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Trial Tips III - How Far Can You Go In Your Summation? By Frank Scahill

December 4, 2015
By: Frank Scahill

Trial Counsel are afforded wide latitude in presenting arguments to a jury in summation. (see Califano v. City of New York, 212 A.D.2d 146, 154, 627 N.Y.S.2d 1008 [1st Dept.1995] ). During summation, an attorney "remains within the broad bounds of rhetorical comment in pointing out the insufficiency and contradictory nature of a plaintiff's proofs without depriving the plaintiff of a fair trial." (Selzer v. New York City Tr. Auth., 100 A.D.3d 157, 163, 952 N.Y.S.2d 26 [1st Dept.2012] [citation omitted] ). However, an attorney may not bolster his case ... by repeated accusations that the witnesses for the other side are liars." Gregware v. City of New York, 132 A.D.3d 51, 61, 15 N.Y.S.3d 21, 29 (N.Y. App. Div. 2015)

What are the rules?

1. You cannot make statements that are designed to inflame the jury's passion, which would result in the jury deciding the case on an emotional rather than rational basis.

2. You cannot make character attacks on the plaintiff or the plaintiff's witnesses.

3. You cannot make an ad hominem attack that can be characterized as extreme and pervasive.

Consider the two cases below:

In the first case, a construction worker brought an action against the City and others, seeking to recover damages for injuries he sustained when he fell off a scaffold at a construction site. Here, a new trial was warranted based on comments by counsel. Rodriguez v. City of New York, 67 A.D.3d 884, 889 N.Y.S.2d 220 (2009). Specifically, in his opening statement, defense counsel stated that Rodriguez, who alleged that he was unable to work as a result of back injuries he sustained from the fall, was disabled due to "lung problems", sepsis, and his treatment with interferon for hepatitis C. In his summation, defense counsel referred to the testimony of Rodriguez's vocational economic analyst as "totally incredible" and a "kind of tweaker." Additionally, during the course of summarizing the testimony of an economic analyst retained by the plaintiffs, defense counsel exclaimed, "[w]hat a liar," when describing the analyst and the analyst's statement that he did not have a calculator with him at trial. In addition, defense counsel rhetorically asked "[w]hy do they lie to you?" when telling the jury that the case was about fair and adequate compensation for the injuries Rodriguez sustained in the accident. Defense counsel went on to state: "It's not a lottery. It's not a game. It's not here's the American dream, come over here, fall off a scaffold, get a million dollars." Finally, defense counsel also told the jury that, from the beginning of his testimony, Rodriguez's treating chiropractor was "not being honest, is not being truthful."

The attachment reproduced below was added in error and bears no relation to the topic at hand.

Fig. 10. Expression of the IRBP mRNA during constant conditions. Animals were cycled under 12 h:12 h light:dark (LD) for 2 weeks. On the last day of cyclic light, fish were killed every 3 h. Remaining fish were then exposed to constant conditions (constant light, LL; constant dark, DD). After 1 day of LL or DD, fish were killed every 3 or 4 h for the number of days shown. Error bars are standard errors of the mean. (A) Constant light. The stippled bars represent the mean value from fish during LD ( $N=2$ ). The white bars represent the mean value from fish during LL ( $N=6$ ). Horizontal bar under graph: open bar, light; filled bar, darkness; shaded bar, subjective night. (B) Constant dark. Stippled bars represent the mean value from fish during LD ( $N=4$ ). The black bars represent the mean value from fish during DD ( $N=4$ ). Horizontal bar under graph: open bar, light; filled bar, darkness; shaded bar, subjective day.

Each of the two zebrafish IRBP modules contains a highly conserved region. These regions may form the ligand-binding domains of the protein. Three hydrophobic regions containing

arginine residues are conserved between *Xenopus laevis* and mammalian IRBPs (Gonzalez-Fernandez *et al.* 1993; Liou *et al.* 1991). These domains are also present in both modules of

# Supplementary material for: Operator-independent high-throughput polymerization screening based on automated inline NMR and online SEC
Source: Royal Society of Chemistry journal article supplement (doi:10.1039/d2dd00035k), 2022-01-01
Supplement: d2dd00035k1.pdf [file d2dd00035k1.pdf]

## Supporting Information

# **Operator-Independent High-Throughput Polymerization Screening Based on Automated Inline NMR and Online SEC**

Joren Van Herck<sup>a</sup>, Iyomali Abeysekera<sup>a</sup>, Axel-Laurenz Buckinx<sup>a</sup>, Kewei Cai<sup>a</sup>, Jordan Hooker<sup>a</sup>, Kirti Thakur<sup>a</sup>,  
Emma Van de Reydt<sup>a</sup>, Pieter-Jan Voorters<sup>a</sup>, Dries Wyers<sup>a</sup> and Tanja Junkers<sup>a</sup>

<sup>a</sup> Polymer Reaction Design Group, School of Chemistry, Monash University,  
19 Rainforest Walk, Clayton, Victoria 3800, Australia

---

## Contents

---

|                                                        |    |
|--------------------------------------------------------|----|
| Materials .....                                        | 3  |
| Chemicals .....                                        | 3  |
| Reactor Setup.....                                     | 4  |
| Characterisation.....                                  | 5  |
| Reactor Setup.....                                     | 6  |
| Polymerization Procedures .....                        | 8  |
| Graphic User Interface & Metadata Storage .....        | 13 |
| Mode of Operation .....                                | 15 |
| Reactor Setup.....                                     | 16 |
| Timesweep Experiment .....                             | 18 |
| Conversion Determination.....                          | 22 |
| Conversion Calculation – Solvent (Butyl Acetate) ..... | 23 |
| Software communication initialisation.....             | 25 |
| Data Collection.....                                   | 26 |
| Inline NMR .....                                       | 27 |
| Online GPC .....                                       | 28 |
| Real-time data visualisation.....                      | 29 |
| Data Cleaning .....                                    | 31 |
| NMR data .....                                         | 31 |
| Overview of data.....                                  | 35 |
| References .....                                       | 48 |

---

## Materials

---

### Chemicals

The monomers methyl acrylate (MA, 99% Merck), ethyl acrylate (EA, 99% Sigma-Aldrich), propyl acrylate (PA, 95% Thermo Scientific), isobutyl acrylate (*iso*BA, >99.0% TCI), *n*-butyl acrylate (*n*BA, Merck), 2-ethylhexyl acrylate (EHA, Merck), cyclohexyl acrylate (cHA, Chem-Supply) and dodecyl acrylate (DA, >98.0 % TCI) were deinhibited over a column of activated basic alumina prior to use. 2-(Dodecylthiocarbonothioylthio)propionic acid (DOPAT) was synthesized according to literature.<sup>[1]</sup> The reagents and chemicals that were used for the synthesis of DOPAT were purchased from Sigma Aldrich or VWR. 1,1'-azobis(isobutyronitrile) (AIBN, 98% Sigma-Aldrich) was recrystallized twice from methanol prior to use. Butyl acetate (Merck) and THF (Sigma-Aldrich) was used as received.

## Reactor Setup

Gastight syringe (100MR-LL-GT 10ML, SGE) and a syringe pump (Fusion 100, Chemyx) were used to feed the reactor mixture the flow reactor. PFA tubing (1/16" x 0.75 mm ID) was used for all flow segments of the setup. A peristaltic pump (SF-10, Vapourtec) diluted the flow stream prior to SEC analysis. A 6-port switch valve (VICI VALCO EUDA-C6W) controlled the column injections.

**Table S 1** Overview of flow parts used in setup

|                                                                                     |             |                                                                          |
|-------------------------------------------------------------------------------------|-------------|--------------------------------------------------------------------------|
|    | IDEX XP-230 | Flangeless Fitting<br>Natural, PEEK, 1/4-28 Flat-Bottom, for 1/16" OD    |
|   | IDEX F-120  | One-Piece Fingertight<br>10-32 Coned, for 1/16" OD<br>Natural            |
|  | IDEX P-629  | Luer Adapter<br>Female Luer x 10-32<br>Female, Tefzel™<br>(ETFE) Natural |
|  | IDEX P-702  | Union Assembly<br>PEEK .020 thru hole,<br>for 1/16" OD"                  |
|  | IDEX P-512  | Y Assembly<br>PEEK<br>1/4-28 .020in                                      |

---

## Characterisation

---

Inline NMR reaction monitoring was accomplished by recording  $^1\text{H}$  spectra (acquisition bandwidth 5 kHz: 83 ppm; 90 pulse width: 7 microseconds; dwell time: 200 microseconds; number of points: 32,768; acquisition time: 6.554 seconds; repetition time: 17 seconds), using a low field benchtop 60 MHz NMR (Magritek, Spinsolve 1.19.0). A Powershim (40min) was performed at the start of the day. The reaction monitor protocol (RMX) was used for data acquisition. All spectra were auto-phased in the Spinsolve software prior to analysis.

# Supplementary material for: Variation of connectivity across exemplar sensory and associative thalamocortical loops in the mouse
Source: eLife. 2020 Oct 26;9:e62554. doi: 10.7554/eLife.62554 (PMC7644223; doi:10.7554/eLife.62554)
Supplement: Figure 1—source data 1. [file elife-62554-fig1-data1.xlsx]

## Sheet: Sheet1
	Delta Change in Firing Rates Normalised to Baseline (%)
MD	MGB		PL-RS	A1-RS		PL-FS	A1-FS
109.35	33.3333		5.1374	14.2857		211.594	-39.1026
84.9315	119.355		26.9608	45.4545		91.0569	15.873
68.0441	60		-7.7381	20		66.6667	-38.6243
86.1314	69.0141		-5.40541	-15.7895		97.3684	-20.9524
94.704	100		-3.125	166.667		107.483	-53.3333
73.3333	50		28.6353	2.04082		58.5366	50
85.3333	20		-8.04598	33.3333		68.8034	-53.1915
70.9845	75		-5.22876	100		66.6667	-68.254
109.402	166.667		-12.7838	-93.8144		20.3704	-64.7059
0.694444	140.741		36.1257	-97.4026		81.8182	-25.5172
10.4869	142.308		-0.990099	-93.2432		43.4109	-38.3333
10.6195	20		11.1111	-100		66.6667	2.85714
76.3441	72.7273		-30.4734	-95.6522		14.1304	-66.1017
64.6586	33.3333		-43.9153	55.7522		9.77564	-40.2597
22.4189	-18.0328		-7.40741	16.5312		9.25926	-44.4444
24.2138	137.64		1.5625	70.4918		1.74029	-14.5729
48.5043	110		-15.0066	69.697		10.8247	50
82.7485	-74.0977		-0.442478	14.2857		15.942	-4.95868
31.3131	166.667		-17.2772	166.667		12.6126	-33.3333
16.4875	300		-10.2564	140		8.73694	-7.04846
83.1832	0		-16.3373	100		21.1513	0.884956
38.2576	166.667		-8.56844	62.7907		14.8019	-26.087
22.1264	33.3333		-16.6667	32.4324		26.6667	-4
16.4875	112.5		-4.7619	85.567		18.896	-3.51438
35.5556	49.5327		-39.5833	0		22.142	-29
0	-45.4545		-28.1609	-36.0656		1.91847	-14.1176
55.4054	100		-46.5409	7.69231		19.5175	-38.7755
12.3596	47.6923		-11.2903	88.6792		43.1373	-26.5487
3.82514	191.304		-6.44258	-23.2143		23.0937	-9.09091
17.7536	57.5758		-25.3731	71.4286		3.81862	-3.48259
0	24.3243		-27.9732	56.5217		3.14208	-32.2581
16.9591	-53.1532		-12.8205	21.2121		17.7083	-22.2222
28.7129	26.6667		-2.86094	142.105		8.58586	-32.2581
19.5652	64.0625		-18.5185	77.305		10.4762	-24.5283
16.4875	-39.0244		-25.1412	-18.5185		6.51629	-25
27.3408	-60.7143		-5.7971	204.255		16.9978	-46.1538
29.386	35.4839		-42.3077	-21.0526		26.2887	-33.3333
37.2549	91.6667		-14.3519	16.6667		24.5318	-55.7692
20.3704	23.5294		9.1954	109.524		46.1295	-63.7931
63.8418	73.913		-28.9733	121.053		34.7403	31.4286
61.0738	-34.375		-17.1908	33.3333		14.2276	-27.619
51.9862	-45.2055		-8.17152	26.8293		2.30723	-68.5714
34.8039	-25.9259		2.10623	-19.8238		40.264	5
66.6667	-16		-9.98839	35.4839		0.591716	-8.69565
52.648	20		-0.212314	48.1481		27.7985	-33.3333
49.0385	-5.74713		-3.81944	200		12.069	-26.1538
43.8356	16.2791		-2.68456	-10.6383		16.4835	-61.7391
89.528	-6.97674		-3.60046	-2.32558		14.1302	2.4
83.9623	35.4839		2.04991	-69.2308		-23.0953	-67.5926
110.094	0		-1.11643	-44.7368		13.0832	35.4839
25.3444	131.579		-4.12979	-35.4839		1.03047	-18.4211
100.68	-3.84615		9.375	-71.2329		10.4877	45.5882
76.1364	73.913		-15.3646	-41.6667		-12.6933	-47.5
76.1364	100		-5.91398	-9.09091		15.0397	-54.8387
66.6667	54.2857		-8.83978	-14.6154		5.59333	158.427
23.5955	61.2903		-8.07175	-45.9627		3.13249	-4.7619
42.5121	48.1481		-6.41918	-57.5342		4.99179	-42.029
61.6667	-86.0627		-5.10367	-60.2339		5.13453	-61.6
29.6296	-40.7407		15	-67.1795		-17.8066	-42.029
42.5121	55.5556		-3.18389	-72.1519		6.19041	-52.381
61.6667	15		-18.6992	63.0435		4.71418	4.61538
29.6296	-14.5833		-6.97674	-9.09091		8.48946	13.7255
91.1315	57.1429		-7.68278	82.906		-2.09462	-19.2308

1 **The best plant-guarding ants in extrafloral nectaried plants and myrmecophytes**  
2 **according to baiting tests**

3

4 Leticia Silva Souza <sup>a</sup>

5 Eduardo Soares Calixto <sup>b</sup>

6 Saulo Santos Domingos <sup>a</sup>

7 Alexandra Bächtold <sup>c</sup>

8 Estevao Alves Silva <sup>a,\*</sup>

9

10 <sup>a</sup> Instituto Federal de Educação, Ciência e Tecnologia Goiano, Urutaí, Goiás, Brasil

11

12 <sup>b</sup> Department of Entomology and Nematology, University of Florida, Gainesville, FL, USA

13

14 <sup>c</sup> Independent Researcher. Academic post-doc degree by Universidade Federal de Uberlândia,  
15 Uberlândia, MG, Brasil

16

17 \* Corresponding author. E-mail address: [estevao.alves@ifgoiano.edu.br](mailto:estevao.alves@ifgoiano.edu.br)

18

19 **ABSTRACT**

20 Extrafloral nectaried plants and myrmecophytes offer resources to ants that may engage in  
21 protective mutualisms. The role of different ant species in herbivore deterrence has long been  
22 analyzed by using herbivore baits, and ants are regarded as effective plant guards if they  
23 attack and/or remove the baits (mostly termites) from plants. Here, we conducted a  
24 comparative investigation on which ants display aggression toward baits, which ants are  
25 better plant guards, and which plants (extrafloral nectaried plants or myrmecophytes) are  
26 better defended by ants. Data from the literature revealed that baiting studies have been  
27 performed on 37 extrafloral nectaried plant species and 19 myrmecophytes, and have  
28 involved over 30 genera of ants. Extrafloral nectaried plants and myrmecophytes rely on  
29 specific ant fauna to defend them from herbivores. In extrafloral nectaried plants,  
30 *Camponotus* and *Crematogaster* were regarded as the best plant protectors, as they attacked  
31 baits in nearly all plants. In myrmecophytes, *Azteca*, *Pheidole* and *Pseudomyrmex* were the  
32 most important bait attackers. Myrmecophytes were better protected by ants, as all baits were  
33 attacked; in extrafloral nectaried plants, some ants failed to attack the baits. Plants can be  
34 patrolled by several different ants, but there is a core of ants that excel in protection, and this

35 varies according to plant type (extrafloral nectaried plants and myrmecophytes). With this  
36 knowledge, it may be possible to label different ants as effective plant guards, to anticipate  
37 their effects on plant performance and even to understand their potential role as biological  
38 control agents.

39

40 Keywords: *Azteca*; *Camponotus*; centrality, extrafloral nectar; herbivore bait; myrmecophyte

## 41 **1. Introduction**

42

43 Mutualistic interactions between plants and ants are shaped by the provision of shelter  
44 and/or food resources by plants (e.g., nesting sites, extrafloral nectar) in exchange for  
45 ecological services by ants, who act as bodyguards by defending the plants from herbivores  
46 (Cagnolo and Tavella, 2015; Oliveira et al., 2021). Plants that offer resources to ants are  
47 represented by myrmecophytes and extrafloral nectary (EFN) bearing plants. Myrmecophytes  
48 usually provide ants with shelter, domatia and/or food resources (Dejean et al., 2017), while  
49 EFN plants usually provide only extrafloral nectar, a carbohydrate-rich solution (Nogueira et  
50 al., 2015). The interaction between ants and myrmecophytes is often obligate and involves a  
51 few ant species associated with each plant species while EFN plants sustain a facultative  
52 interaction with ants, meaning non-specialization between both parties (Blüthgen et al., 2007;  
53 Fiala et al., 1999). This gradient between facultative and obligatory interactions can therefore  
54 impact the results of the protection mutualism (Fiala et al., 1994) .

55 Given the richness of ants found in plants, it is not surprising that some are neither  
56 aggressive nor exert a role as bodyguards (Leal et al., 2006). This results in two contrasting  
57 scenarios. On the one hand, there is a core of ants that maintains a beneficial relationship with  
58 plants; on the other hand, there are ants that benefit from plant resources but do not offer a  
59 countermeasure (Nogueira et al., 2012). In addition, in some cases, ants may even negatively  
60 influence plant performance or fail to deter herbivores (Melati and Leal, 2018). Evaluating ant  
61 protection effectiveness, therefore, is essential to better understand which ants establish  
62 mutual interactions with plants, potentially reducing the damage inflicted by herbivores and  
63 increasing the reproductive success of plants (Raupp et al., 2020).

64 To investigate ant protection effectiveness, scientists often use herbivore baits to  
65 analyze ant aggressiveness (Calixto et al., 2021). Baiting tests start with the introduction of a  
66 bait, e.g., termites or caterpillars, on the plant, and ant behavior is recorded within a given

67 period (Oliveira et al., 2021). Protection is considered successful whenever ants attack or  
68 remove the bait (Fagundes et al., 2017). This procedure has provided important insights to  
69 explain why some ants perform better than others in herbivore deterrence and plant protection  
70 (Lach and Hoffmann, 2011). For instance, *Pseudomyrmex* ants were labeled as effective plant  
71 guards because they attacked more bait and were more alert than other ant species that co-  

In the second action, Selzer v. New York City Transit Auth., 100 A.D.3d 157, 160-61, 952 N.Y.S.2d 26, 28-29 (2012), a passenger brought an action against the transit authority, seeking to recover for injuries sustained upon exiting a subway car. Here, the appeal was denied with a finding the trial attorney stayed within the lines in his summation. The record reflects that at trial, the defense counsel advanced the theory that the plaintiff's account of his accident was implausible. In his opening remarks, the defense counsel told the jury, without objection, that the evidence would establish that "the only way [the accident] could have happened was because of some fault on the part of the plaintiff." Defense counsel told the jury "just use your common sense to try to understand the mechanics of something like this happening."

In summation, the defense counsel posited that the plaintiff "jetted out" of the train at the last second. Defense counsel stated, "I am not a witness. What I say is not testimony. I'm only giving it to you to ponder." He continued, "After all, if you imagine a person standing in a doorway just standing there when the doors closed - and all of you [have] seen this happen[ ] and I know this, during jury selection, you've all seen doors close on people and passengers, okay. You know what happens. It's the upper part of the person's body that's contacted." At this point, the plaintiff objected, and the court sustained the objection. Then the defense counsel continued, "[B]ecause, as I said in my opening, the plaintiff's body was outside of the train at the time of the occurrence. Why was it that way? I have no idea but it wasn't because his leg just happened to be at a particular point that it could be grabbed and held ... Think about it, how it happened. If he were going through, the upper part of his body would have been hit and would have been the contact point, his arm, shoulder or something like that." The plaintiff objected again, and the court sustained the objection. The defense counsel then completed his sentence: "But not his leg." At this point, the court repeated that it had sustained the objection. Defense counsel stated, "There is no other way I see it. You can - you're the triers of the facts. You may decide otherwise."

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